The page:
In nonviolence, we don’t break windows then run. We don’t take over intersections then hide when the police come. We don’t incite tear-gas then act shocked about it like it was completely unwarranted and unexpected. We stand by our actions and whatever consequences that come with it, because we believe our actions are just. If you believe your actions to be just, there is nothing to run or hide from.
But that type of commitment and discipline takes time and training. The students that led the Nashville lunch counter sit-ins trained for a full year before they went into direct action. To me it’s irresponsible to send people into actions with a high likelihood of a police response without them having been trained, without unity around principles and strategy and without a clearly laid out understanding of how we are going to respond.
In nonviolence, we organize actions that are in line with our principles, so we have nothing to hide from. We don’t wait until it’s dark, we do it out in the open for everyone to see. If we are jailed, then we are jailed for standing up for justice and that becomes the calling card for the movement. We fight for those who are jailed, because we support their actions.
I cannot fight for those who get arrested for breaking windows in my city. I cannot fight for those who vilify other working class people. I cannot fight for those who attempt to harm other people. I cannot fight for those who are arrested purely out of anger, rather than a love for their people and a commitment to real justice for all people.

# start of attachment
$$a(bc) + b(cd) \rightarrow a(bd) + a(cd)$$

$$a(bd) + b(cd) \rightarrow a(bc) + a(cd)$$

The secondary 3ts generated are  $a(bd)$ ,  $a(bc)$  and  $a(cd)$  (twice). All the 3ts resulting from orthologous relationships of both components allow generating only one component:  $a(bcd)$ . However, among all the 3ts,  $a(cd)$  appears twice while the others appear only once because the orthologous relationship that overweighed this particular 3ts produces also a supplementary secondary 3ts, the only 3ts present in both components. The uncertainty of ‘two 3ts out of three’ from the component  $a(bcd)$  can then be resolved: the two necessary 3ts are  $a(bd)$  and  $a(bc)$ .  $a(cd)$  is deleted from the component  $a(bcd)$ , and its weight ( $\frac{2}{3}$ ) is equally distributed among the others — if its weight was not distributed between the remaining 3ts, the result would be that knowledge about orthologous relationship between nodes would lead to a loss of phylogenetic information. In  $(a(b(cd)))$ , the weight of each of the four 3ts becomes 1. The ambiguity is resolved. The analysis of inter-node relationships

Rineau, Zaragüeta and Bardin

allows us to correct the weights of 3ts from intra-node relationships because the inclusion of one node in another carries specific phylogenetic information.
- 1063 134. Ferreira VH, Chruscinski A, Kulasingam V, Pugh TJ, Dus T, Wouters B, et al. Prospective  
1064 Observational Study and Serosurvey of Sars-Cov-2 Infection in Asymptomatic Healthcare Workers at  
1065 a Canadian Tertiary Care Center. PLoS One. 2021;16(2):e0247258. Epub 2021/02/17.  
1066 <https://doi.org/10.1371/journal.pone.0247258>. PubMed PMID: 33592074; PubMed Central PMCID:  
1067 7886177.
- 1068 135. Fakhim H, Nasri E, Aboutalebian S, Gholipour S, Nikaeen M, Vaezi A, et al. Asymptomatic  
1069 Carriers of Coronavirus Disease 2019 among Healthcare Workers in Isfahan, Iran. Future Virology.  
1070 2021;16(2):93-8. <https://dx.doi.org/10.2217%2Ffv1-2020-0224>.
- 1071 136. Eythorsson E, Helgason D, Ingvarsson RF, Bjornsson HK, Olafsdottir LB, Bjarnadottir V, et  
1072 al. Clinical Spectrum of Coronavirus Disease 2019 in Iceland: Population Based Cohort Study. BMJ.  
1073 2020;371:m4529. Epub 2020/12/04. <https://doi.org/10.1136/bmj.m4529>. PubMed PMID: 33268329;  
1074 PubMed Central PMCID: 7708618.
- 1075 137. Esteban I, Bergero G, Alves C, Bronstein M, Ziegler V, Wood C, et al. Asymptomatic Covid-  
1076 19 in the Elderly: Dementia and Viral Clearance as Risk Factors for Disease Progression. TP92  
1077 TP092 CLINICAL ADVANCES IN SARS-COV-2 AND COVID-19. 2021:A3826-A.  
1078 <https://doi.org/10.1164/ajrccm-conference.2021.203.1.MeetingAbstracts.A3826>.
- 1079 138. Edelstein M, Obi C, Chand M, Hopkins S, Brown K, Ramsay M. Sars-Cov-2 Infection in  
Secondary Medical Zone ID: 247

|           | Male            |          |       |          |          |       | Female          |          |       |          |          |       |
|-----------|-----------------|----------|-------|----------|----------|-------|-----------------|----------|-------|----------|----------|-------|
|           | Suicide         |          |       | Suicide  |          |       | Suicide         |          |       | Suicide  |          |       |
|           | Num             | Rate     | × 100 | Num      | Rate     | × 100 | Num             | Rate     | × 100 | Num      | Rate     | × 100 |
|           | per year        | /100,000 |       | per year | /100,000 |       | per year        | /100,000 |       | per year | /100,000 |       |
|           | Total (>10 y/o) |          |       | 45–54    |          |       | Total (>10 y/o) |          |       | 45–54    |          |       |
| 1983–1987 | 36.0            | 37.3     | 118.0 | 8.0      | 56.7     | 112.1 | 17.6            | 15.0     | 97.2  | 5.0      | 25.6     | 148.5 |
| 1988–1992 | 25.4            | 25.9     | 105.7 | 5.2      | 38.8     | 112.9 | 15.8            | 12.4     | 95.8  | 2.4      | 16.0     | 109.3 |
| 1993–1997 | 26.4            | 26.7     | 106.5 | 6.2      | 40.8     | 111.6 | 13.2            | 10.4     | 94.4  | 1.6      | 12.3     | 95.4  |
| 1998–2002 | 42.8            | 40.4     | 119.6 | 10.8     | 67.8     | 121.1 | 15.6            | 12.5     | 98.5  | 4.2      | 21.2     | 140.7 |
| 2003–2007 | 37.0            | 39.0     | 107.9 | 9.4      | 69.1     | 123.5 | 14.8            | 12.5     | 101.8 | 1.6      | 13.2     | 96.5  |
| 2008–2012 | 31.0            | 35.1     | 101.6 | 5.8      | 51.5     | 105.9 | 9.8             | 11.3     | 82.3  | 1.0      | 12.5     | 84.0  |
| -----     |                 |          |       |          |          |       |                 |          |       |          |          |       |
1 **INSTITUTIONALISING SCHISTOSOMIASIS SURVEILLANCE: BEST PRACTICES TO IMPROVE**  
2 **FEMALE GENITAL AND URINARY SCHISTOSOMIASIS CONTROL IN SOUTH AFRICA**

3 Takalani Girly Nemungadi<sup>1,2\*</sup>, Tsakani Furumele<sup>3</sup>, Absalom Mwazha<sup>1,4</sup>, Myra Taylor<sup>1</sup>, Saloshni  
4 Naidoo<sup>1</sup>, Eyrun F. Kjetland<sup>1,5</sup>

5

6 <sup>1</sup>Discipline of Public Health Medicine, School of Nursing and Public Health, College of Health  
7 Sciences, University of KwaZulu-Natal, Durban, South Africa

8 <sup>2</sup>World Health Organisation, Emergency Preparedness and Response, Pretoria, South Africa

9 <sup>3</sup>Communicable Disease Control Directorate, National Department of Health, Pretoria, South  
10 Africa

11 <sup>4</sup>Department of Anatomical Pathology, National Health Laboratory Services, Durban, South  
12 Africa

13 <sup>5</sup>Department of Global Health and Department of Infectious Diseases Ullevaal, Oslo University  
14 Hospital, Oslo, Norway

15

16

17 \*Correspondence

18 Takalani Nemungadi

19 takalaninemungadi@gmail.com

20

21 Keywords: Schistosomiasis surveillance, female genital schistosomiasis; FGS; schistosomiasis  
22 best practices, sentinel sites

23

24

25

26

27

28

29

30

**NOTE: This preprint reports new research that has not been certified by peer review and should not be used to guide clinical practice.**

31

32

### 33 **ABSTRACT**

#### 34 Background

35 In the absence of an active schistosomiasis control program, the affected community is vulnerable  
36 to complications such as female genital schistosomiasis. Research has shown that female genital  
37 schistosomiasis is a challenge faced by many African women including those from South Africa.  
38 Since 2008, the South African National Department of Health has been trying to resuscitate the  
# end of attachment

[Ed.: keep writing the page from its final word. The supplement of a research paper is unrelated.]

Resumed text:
Stuck in Ideology -
I feel that many people in this movement are so stuck in their own ideology (anarchism, revolution, diversity of tactics, etc.) that they fail to see the impacts of their action. They are so stuck in the idea of a violent overthrow of the government, they are so stuck in wanting revolution to happen tomorrow, that they fail to see what they are lacking in the movement. Long-term strategy. Popular support. A united message.
They are so caught up in “their” way of doing things that anything that challenges their perspective is thrown aside as an attempt to “co-opt” the movement.
I believe in standing firm on your convictions. I stand firm in m commitment to nonviolence. But if someone wants to challenge my beliefs, I welcome the opportunity to have a dialogue. I’m open to challenging myself, and I don’t see anyone who disagrees with nonviolence as “an agent of the state” or an enemy to the movement.
But any challenge to “diversity of tactics” or the “fuck the police” messaging or calls for negotiation or building more strategy before going into actions or calling out the privilege in this movement are viewed as an attack on the movement itself. And that type of fundamentalism is a very dangerous thing.
And it’s turning people off. The November 2nd General Strike was incredible, and it truly represented the diversity of Oakland. And to the anarchists and DOT advocates who played leading roles in that, you deserve all the credit in the world.
But since then, you have been losing support. How much diversity was in the streets of Oakland yesterday? Doesn’t it seem like your actions are only bringing out people of a very particular demographic? Don’t you feel some need to address this? Isn’t there some responsibility to ask why? Shouldn’t movements – especially one that proclaims to represent 99% of the country – be accountable to the needs of that community?